The world’s biggest exchange just joined the bitcoin revolution.
Bitcoin futures started trading Sunday night at CME Group Inc.’s venue, a week after Chicago rival Cboe Global Markets Inc. introduced similar derivatives on the volatile cryptocurrency. CME is a much bigger player in futures, so many traders expect it to make a bigger splash in the nascent space.
CME got off to a faster start with more efficient pricing. Its most-active contract changed hands 221 times in the first hour versus 570 during Cboe’s debut. But that’s a win because CME’s contracts are five times more valuable — they’re tied to five bitcoins compared with only one with Cboe’s futures. And CME’s futures were priced only about 2 percent higher than bitcoin itself; in the first day, Cboe’s got as much as 13 percent above, a sign trading was relatively inefficient.
Bitcoin surged toward $20,000 in the minutes before trading began at CME, before paring gains. It was priced at $18,336 as CME’s contract fetched $18,610 at 8:19 p.m. New York time.
“People were better prepared” for the start of trading at CME, said Bobby Cho, head of trading at Cumberland, the cryptocurrency trading unit of DRW Holdings LLC. “They knew how they were going to hedge their positions.”
The CME and Cboe bitcoin futures have some distinct features. The price of Cboe’s product is derived from the cryptocurrency’s price at a single exchange; CME’s is based off four.
“We were waiting for the launch of the CME futures because the price is more robust and the exchange trades much larger volumes,” Jose Miguel Nascimento, head trader at cryptocurrency fund Solidus Capital, said in a telephone interview from Mexico City. “Futures are a very positive development for the bitcoin market, as it will help everyone from miners to traders hedge risk, and having a price curve will help limit price swings.”
The CME futures are another step into the mainstream financial world for an asset created in the wake of the 2008 financial crisis as an alternative to banks and government-issued currencies. The contracts, which settle in dollars and trade on regulated exchanges, can be bought by institutional investors that are prohibited from buying bitcoin directly on largely unregulated exchanges.
“One of the biggest issues when it comes to investing institutionally in digital assets is banks and larger institutions can’t hold an unregulated instrument in their balance sheet, and a futures contract is something they can hold,” said Gabor Gurbacs, director of digital-asset strategy at VanEck Associates Corp. With futures, “you don’t hold the physical bitcoin, which solves custody issues and counterparty risks with these less-regulated exchanges.”
To protect against wild, mistaken price swings, CME will briefly pause trading if the contracts rise or fall 7 percent or 13 percent, and prices won’t be allowed to move more than 20 percent. Cboe also has volatility halts, which were triggered in the initial hours of trading a week ago, and its January contract rose as much as 26 percent on the first day.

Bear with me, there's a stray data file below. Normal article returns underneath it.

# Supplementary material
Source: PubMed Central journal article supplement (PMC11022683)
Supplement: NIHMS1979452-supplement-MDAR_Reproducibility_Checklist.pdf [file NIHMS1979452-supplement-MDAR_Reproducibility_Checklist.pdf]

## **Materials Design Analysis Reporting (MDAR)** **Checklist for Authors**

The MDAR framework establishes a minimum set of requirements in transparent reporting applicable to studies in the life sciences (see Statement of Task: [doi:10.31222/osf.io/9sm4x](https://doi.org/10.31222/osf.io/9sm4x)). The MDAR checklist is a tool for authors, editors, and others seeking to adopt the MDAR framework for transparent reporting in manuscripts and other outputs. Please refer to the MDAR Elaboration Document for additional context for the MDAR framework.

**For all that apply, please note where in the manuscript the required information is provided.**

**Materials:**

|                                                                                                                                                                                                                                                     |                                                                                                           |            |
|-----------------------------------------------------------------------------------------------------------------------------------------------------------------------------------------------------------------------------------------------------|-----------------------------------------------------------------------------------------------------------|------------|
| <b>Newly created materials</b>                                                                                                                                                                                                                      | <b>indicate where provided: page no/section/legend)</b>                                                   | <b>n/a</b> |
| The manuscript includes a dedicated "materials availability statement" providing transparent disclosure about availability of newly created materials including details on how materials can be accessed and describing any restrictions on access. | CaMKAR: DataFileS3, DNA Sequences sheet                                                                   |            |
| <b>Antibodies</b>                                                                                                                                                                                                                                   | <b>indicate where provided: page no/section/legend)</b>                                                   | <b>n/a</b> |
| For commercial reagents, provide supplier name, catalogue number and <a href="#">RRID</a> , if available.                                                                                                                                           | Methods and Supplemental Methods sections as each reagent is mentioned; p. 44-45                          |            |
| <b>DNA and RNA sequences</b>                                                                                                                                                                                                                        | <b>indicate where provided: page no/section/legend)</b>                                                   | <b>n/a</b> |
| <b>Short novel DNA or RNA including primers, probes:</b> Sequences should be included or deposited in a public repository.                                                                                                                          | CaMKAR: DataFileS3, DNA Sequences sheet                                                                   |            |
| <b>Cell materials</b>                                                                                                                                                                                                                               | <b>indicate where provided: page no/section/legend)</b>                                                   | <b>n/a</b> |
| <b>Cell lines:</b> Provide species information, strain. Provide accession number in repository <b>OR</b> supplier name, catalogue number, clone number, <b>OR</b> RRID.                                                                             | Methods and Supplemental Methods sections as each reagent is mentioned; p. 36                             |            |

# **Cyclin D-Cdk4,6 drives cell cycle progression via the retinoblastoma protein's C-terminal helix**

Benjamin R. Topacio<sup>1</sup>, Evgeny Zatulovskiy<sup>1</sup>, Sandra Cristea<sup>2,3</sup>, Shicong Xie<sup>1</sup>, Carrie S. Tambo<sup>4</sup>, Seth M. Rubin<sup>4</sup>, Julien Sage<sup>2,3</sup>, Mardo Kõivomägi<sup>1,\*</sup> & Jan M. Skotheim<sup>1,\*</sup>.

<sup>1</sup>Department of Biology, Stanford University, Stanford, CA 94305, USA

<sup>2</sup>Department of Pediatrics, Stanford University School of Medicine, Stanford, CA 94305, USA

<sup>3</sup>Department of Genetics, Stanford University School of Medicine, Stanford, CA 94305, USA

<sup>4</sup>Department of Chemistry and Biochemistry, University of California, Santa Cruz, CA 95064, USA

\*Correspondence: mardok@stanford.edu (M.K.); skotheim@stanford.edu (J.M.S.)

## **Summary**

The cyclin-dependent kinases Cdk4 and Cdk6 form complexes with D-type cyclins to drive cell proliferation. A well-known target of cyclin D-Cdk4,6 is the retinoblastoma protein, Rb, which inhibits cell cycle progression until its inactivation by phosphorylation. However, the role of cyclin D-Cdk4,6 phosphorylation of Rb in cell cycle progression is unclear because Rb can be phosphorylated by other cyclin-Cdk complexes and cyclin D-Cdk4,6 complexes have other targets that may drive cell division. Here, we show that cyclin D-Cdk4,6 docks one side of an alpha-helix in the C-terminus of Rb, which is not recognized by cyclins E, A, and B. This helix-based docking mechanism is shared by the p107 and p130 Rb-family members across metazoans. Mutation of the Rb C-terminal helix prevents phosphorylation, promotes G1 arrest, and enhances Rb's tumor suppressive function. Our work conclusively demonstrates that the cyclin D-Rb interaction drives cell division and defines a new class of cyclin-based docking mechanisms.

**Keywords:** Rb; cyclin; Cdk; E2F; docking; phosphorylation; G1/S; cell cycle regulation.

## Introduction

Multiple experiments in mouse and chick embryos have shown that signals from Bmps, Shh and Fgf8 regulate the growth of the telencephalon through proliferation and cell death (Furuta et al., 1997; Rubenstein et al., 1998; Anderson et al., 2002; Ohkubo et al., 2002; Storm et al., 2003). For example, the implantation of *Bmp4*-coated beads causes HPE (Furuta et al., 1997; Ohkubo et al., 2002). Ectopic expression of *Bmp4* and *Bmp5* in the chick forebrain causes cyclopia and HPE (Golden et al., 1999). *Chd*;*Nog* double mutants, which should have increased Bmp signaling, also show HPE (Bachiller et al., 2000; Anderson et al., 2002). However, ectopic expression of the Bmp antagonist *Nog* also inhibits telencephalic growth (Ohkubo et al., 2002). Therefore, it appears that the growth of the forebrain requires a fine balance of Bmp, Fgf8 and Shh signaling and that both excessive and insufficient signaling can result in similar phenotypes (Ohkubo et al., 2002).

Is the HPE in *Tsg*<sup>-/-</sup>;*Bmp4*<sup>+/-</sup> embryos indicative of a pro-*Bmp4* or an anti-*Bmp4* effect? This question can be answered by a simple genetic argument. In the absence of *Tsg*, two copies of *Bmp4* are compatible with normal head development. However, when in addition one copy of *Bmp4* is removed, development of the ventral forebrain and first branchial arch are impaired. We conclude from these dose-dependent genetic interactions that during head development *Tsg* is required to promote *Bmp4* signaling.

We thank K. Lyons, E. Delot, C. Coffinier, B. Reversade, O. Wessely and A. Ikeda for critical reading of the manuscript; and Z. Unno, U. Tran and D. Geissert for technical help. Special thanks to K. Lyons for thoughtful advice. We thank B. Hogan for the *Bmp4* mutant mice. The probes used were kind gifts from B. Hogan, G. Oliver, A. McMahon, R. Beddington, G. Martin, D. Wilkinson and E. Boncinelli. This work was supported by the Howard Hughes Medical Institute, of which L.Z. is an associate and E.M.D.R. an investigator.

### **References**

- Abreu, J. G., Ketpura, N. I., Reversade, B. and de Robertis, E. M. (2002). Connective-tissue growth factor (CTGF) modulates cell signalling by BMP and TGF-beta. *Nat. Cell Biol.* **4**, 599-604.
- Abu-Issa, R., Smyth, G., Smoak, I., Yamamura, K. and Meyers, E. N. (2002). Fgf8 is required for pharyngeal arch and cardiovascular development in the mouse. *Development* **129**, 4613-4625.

Cboe’s website stalled during its launch. CME’s seemed to weather the traffic.
“It’s only one-lots,” said Garrett See, chief executive officer of crypto trading firm DV Chain of the initial CME trades. “The prices are moving around pretty fast.” The order book was pretty thin and “the orders that are there are very small.”
Futures open up arbitrage opportunities — the chance to bet prices of the derivatives and the underlying cryptocurrency will converge. Last week, Cboe’s product was priced as much as 13 percent higher than bitcoin, but that quickly narrowed. By Sunday night, it was similar to CME’s.
Some brokerages didn’t immediately give customers access to bitcoin futures. TD Ameritrade Holding Corp. said late Friday that it will offer Cboe’s starting on Monday, though it’ll wait to offer the CME contracts until they demonstrate sufficient liquidity. E*Trade Financial Corp. is considering offering bitcoin futures, according to a person familiar with the matter who asked not to be named.
“We look at the volume, the open interest and the spreads, and we want to make sure that all those conditions are maturing properly,” said JB Mackenzie, managing director for futures trading at TD Ameritrade. “We have had a lot of customer interest, and we have spent a lot of time educating them as to the differences between the two products.”
Banks and brokers who are offering access are being cautious. Goldman Sachs Group Inc. demanded some clients set aside collateral equal to 100 percent of the value of their trades, people familiar with the investments said last week. The guidelines are inclusive of other margin requirements such as Options Clearing Corp.’s 44 percent, required to clear contracts traded at Cboe, and the 47 percent CME is demanding.
It’s not uncommon for a brokerage to impose steeper requirements than the exchange. Interactive Brokers Group Inc., which has said it handled 53 percent of the first day’s trading in Cboe’s bitcoin futures, will require a margin of 50 percent for long investments, and about 240 percent for short selling, based on current rates, according to Interactive Brokers spokeswoman Kalen Holliday.